Vocabulary brings the world to an individual. Without words we are reduced to surviving by non-verbal signs and gestures, primitive. Basic survival.

Some have expressed irritation when I write about incarceration, convictions, and whatever is associated with penal servitude, but any convict can vastly improve his life if while serving time he takes up the task of building his vocabulary.

My grandmother sent me a Webster’s Dictionary and a thesaurus at my request when I entered Walla Walla State Penitentiary without more than a 9th grade education. I took a liking to words and began reading just the dictionary.

In adult life I carried a pocket thesaurus, in my shirt pocket, and whenever a moment was idle I would read it.

A pocket thesaurus, maybe leather bound, would be perfect gift for any occasion, as a birthday for a child with some basic language skills to evolve with.

One word can lead to another, to an association. One association leads to another, until the student has gone into another dimension and left others behind.

I did not however, leave my street vocabulary behind and I cherish the way it can embellish a conversation with exclamatory frills.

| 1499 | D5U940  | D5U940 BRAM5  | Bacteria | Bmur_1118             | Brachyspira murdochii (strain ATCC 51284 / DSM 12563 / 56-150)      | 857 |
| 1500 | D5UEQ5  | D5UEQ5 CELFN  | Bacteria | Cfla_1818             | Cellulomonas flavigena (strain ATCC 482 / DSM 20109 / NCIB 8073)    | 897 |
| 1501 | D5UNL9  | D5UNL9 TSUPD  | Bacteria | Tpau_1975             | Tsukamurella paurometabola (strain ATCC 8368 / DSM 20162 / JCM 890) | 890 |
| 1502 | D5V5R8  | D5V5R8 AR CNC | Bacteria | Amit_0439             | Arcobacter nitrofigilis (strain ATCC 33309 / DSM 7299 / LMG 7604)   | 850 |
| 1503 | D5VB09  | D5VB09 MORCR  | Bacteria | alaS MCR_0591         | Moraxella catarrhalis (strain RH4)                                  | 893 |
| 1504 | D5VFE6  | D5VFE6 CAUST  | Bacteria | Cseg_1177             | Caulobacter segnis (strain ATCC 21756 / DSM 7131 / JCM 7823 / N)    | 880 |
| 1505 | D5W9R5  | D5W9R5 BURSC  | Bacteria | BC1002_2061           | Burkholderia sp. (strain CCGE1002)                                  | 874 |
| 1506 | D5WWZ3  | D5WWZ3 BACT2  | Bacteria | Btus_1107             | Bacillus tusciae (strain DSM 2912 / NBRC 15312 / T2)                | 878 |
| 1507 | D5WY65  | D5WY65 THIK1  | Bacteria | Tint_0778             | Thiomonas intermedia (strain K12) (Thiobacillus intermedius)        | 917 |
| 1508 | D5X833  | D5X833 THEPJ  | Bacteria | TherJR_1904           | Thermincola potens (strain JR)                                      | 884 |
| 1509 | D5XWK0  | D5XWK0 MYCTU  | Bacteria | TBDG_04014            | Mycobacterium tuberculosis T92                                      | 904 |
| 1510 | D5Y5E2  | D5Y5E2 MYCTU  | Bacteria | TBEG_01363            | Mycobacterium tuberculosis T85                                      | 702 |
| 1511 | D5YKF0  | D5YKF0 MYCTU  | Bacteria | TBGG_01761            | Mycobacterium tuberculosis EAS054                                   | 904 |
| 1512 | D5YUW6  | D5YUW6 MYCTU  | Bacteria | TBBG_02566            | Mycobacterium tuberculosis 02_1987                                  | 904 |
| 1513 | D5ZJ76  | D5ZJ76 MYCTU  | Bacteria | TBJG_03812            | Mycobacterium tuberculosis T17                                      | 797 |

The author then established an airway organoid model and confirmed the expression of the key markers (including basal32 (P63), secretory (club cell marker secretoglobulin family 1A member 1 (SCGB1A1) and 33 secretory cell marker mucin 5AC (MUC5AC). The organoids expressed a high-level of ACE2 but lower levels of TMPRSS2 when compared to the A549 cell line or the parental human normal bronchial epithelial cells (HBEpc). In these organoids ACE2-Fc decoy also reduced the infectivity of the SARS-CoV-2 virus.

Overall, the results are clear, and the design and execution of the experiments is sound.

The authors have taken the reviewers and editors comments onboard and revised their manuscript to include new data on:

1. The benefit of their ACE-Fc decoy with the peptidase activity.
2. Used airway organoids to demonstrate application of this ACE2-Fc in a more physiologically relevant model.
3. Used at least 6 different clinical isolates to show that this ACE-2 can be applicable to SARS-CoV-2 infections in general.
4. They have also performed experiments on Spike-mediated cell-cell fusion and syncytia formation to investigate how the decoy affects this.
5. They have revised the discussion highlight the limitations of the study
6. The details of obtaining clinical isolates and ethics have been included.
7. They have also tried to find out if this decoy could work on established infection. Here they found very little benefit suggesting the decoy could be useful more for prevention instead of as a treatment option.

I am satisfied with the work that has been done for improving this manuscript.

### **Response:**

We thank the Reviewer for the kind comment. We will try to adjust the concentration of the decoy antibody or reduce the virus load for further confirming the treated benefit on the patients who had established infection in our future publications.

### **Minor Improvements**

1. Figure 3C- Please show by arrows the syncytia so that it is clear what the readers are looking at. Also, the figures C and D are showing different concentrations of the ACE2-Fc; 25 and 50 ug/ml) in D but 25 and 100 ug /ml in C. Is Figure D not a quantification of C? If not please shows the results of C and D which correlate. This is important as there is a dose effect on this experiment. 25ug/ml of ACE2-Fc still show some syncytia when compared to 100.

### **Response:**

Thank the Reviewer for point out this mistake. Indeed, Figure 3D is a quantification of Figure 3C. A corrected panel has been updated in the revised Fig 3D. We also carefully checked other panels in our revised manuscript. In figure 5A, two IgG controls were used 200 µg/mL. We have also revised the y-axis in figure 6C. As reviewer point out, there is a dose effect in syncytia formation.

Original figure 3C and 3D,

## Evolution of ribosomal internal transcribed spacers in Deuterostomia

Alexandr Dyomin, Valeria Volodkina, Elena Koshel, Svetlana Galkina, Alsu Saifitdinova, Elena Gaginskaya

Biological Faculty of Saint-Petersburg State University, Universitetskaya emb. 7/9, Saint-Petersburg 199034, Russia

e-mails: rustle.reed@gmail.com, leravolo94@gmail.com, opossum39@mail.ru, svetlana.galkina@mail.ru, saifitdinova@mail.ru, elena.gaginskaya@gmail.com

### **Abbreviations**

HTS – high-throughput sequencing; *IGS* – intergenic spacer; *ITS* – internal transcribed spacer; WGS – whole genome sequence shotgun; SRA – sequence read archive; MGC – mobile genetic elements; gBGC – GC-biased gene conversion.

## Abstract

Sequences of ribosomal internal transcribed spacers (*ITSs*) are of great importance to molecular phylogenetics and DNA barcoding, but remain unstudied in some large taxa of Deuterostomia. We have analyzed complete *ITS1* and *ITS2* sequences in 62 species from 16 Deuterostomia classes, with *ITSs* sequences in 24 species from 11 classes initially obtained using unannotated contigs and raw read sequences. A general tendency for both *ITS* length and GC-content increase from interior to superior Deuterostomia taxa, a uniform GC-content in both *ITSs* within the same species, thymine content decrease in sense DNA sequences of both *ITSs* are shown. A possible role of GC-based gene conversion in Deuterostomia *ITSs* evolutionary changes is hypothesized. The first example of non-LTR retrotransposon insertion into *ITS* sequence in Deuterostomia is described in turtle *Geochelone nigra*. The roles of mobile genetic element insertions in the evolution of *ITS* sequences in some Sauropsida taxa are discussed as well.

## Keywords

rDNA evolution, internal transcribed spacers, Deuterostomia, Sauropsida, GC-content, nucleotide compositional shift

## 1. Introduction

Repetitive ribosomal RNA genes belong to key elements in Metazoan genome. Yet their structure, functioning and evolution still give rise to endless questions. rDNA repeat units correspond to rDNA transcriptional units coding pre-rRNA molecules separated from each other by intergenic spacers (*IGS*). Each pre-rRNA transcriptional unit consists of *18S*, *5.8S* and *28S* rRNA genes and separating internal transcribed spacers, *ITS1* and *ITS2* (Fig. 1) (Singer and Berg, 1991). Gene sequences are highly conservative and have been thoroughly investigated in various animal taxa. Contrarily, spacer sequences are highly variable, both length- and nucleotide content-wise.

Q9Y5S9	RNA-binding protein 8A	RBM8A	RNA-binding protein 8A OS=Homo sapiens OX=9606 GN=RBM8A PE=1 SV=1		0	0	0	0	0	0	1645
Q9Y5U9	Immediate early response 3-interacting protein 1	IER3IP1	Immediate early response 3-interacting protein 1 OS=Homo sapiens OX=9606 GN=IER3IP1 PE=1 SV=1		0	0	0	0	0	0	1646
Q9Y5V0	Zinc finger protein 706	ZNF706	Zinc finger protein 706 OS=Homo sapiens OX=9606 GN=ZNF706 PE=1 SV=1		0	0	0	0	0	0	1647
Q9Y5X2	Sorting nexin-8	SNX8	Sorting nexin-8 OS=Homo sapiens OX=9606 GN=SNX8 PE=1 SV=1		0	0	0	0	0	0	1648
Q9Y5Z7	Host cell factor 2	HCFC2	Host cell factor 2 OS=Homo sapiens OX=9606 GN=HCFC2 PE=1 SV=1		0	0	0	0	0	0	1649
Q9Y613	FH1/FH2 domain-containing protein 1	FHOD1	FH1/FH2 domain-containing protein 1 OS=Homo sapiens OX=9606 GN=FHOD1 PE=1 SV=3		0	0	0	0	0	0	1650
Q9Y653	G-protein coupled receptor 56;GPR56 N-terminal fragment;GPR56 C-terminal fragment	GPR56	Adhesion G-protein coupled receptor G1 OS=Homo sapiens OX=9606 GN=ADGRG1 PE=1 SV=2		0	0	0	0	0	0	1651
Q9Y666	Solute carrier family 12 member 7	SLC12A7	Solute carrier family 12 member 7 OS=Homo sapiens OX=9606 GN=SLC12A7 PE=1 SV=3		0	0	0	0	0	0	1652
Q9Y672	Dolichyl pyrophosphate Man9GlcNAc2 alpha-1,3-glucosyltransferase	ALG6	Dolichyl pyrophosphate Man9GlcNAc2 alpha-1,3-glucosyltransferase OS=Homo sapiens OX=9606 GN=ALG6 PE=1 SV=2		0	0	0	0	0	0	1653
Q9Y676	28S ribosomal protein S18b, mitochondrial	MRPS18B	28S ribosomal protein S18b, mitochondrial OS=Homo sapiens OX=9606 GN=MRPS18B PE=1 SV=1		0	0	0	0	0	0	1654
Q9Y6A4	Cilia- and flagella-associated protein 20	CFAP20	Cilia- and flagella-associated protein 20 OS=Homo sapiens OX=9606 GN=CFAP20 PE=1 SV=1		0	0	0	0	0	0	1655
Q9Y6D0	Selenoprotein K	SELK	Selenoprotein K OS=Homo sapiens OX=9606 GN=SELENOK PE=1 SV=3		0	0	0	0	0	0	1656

Stefan Jovanovich comments:

Ken would have been right at home in 1780. In the 18th century nine out of ten Americans could read and understand the King James Bible, and all who could afford it owned a copy. (Today only an optimist would argue that the number was higher than three out of ten.) The extraordinary exception of the American Revolution and the Federalist Papers comes from the fact that the “average” American of that time had a larger vocabulary than present day college graduates. That fact also explains the lethality of Continental marksmanship that the British Army so justly complained about. The use of rifled barrels has been the conventionally accepted academic explanation, but the far more likely one is the extraordinary literacy of the “ordinary” American soldier, who carried a musket (not a rifle). The ability to read and write and think correlates directly with the ability to shoot, as Scott Brooks’ postings and hunting skills amply demonstrate.

Those of us who hate the draft do so for two simple reasons: it is a reminder of how far we Americans have gone on the road to serfdom, and dumb conscripts make lousy soldiers. The two best memoirs of “ordinary” American soldiers were written by Joseph Plumb Martin and E. B. Sledge. The first was an 18th century farm laborer; the second a 20th century biology professor. Both were volunteers.





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